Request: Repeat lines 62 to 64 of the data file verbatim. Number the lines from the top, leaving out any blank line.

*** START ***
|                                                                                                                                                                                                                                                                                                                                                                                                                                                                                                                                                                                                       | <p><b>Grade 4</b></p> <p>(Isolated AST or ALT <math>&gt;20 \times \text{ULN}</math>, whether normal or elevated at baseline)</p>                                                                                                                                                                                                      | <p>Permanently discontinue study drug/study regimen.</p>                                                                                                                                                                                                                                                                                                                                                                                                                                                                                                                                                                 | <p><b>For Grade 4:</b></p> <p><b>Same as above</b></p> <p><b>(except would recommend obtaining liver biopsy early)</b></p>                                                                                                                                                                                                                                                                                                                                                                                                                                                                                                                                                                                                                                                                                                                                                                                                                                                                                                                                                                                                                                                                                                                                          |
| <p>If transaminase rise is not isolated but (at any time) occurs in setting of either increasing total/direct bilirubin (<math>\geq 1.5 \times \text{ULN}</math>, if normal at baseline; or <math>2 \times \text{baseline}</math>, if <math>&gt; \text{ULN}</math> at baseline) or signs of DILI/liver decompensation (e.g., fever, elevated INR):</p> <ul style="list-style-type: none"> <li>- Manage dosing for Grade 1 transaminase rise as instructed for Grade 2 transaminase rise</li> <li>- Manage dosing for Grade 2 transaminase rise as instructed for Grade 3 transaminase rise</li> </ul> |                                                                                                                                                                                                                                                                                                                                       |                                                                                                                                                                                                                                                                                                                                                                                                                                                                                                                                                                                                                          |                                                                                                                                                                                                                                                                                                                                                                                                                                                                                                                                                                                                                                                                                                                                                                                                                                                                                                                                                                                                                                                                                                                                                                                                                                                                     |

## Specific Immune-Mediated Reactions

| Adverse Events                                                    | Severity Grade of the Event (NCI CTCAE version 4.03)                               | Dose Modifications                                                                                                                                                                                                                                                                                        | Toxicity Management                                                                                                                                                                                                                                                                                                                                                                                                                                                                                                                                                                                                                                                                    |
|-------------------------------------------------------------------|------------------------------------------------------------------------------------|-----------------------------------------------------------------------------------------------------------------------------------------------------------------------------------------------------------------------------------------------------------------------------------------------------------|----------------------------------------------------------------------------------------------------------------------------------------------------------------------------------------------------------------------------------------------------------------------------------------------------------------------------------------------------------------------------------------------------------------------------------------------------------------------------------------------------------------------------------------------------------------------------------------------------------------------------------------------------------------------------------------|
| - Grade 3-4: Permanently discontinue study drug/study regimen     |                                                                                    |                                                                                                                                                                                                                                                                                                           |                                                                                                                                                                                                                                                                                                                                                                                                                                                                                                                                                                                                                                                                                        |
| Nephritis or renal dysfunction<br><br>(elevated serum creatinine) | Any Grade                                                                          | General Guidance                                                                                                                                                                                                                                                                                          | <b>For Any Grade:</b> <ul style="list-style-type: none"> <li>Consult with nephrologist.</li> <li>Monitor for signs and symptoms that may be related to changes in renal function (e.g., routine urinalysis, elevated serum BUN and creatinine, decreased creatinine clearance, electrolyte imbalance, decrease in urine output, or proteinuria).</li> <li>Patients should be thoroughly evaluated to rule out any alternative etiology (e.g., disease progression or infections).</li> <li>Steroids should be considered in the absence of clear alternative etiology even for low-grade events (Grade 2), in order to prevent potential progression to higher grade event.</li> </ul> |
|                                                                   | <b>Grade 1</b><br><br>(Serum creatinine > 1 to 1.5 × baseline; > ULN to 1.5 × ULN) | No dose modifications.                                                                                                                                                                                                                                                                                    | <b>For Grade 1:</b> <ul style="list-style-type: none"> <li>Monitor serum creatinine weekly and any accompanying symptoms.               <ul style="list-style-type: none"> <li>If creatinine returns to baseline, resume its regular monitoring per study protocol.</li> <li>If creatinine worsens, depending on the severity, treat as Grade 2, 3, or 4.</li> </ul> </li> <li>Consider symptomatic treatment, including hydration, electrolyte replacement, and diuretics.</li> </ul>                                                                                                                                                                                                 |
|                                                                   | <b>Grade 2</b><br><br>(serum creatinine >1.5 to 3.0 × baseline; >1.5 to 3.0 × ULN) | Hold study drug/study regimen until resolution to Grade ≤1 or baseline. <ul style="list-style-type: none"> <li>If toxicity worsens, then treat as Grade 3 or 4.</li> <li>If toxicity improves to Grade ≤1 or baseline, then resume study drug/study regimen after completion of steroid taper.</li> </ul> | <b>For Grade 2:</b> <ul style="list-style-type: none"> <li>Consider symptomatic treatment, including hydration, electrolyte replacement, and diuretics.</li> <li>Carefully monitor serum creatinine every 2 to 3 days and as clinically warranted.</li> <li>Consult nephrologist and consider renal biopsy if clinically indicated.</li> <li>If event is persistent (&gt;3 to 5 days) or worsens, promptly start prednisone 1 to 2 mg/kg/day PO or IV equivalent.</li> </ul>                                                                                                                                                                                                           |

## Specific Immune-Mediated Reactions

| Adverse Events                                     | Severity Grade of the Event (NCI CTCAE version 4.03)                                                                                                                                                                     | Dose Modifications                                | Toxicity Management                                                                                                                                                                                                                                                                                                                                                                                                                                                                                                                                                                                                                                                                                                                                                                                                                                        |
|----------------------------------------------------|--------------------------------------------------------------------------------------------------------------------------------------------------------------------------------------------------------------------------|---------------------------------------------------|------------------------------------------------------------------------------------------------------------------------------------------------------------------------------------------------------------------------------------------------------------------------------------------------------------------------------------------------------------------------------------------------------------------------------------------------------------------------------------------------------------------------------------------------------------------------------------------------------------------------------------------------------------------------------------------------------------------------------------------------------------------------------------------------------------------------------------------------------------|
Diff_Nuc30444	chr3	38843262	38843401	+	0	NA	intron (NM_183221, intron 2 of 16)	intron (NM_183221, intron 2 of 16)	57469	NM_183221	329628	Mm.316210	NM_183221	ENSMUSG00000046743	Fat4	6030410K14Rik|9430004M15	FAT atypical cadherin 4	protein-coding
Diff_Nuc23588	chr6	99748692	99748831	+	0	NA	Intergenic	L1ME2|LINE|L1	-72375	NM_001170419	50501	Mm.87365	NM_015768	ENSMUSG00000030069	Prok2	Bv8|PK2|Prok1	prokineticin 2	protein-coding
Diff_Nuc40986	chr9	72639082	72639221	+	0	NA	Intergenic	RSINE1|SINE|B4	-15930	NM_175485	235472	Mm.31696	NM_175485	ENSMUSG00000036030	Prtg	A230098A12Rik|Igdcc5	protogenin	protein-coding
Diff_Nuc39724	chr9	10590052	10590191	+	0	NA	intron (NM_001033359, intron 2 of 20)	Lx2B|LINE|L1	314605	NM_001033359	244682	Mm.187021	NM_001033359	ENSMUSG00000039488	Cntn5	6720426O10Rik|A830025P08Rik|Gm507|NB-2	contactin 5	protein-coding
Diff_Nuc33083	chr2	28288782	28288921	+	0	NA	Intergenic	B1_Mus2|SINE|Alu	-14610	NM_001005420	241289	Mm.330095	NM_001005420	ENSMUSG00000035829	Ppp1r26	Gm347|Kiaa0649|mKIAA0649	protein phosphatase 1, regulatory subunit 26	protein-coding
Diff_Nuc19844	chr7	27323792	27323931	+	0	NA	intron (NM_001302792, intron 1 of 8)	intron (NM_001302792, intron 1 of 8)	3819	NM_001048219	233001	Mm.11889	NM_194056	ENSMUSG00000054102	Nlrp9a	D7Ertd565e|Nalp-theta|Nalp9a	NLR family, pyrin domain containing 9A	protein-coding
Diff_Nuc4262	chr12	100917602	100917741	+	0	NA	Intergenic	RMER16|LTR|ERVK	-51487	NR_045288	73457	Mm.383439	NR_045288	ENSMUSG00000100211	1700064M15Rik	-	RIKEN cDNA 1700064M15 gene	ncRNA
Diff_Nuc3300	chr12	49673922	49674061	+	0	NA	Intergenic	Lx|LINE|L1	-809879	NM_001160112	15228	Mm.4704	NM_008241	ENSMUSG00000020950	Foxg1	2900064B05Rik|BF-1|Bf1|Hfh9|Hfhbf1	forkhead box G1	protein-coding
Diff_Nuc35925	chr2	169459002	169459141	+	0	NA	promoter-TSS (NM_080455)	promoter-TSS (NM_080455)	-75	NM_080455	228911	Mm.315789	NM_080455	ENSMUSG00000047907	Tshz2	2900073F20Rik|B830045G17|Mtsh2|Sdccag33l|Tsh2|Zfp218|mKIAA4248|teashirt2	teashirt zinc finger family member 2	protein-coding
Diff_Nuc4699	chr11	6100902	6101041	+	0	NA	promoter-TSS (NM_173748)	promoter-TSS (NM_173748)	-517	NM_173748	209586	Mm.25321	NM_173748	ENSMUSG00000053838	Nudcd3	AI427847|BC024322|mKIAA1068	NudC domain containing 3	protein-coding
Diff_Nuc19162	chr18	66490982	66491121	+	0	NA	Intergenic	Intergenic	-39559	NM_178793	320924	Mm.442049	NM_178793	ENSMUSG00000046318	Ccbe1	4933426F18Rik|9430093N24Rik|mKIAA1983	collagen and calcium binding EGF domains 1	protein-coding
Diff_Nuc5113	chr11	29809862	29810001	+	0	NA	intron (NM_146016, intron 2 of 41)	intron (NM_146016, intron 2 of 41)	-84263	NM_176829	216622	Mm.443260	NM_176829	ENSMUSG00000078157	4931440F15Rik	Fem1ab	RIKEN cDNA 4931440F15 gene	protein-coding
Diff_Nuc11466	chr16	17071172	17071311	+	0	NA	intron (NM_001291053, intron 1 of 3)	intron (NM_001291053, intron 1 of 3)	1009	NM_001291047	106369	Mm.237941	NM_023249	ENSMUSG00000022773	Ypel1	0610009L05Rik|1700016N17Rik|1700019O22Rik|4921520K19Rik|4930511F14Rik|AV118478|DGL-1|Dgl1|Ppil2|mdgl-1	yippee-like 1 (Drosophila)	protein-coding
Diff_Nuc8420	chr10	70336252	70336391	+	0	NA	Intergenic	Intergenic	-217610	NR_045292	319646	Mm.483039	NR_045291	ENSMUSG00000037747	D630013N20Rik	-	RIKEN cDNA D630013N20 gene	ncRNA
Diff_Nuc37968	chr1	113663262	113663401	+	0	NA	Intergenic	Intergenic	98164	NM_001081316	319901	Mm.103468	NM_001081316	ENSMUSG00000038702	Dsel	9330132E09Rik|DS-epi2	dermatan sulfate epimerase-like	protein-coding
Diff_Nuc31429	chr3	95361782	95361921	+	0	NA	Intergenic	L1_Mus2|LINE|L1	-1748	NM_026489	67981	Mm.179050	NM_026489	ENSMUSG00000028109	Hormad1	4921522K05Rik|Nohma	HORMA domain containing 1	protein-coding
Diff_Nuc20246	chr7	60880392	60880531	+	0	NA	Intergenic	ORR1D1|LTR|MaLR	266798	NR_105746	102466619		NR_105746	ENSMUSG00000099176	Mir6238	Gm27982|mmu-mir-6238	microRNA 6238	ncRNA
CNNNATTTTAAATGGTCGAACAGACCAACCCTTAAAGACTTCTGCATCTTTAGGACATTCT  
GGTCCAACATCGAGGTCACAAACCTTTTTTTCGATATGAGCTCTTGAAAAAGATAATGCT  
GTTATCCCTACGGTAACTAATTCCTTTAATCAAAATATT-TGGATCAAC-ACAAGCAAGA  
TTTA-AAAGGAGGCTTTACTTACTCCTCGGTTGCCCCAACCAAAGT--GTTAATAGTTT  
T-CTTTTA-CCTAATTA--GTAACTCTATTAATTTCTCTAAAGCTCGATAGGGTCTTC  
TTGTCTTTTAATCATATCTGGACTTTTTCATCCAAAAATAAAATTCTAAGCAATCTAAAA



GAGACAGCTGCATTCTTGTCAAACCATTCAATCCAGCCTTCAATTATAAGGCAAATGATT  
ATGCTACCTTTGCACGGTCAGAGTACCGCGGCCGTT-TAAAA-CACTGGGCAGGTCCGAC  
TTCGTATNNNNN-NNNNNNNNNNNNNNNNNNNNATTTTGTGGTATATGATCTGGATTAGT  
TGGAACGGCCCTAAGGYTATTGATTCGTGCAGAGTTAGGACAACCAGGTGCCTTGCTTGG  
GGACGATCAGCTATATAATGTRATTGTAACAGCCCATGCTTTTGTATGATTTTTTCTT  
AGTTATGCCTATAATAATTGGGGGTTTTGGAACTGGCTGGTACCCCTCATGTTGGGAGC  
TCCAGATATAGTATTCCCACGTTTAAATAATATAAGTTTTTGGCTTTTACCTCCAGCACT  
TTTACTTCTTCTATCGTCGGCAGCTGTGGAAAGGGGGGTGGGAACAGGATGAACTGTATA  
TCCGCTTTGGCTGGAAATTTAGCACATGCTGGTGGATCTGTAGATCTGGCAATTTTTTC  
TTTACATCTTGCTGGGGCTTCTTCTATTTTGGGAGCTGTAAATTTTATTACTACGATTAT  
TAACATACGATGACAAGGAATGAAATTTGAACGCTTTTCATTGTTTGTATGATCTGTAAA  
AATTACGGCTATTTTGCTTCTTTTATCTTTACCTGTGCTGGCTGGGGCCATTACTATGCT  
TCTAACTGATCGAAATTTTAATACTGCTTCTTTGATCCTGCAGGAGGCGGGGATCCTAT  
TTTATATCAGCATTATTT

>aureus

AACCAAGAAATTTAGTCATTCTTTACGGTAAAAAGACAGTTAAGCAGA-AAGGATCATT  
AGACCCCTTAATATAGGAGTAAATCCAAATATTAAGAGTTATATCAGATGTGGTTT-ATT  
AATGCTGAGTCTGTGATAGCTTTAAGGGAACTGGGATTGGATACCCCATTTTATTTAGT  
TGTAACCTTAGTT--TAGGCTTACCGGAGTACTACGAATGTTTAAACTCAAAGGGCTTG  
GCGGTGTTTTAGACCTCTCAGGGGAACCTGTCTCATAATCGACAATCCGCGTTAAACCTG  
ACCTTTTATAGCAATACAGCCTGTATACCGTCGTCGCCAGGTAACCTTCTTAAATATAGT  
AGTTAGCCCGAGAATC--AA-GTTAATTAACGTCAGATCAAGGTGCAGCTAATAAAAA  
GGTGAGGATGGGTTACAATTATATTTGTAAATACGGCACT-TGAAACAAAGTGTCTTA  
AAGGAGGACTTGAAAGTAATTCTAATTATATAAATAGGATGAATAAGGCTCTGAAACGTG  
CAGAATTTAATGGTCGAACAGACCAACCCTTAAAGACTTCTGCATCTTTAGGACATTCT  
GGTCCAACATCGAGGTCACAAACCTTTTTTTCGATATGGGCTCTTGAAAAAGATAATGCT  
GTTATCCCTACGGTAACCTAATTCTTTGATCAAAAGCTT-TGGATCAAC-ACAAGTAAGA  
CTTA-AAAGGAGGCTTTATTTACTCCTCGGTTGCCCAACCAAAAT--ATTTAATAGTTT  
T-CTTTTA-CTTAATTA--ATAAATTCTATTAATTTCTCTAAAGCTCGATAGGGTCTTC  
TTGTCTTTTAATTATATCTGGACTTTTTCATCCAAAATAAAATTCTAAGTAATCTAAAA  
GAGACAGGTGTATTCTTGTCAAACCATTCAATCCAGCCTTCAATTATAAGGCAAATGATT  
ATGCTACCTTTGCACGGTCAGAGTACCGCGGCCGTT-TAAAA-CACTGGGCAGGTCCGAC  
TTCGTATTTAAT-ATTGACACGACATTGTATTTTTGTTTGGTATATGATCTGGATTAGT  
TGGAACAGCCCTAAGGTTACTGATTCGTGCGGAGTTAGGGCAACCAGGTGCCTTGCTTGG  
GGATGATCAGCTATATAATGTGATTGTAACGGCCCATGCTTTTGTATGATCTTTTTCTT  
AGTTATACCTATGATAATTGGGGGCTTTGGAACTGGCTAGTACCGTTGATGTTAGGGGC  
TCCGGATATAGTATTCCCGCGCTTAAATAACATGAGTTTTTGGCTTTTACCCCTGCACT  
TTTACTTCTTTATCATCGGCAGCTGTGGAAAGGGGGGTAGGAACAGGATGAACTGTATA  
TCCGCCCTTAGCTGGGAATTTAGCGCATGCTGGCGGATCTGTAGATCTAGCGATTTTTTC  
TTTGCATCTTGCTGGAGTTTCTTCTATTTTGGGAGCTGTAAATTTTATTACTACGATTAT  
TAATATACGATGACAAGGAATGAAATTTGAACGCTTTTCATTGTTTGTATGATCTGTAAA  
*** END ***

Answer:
GTTATCCCTACGGTAACCTAATTCTTTGATCAAAAGCTT-TGGATCAAC-ACAAGTAAGA  
CTTA-AAAGGAGGCTTTATTTACTCCTCGGTTGCCCAACCAAAAT--ATTTAATAGTTT  
T-CTTTTA-CTTAATTA--ATAAATTCTATTAATTTCTCTAAAGCTCGATAGGGTCTTC  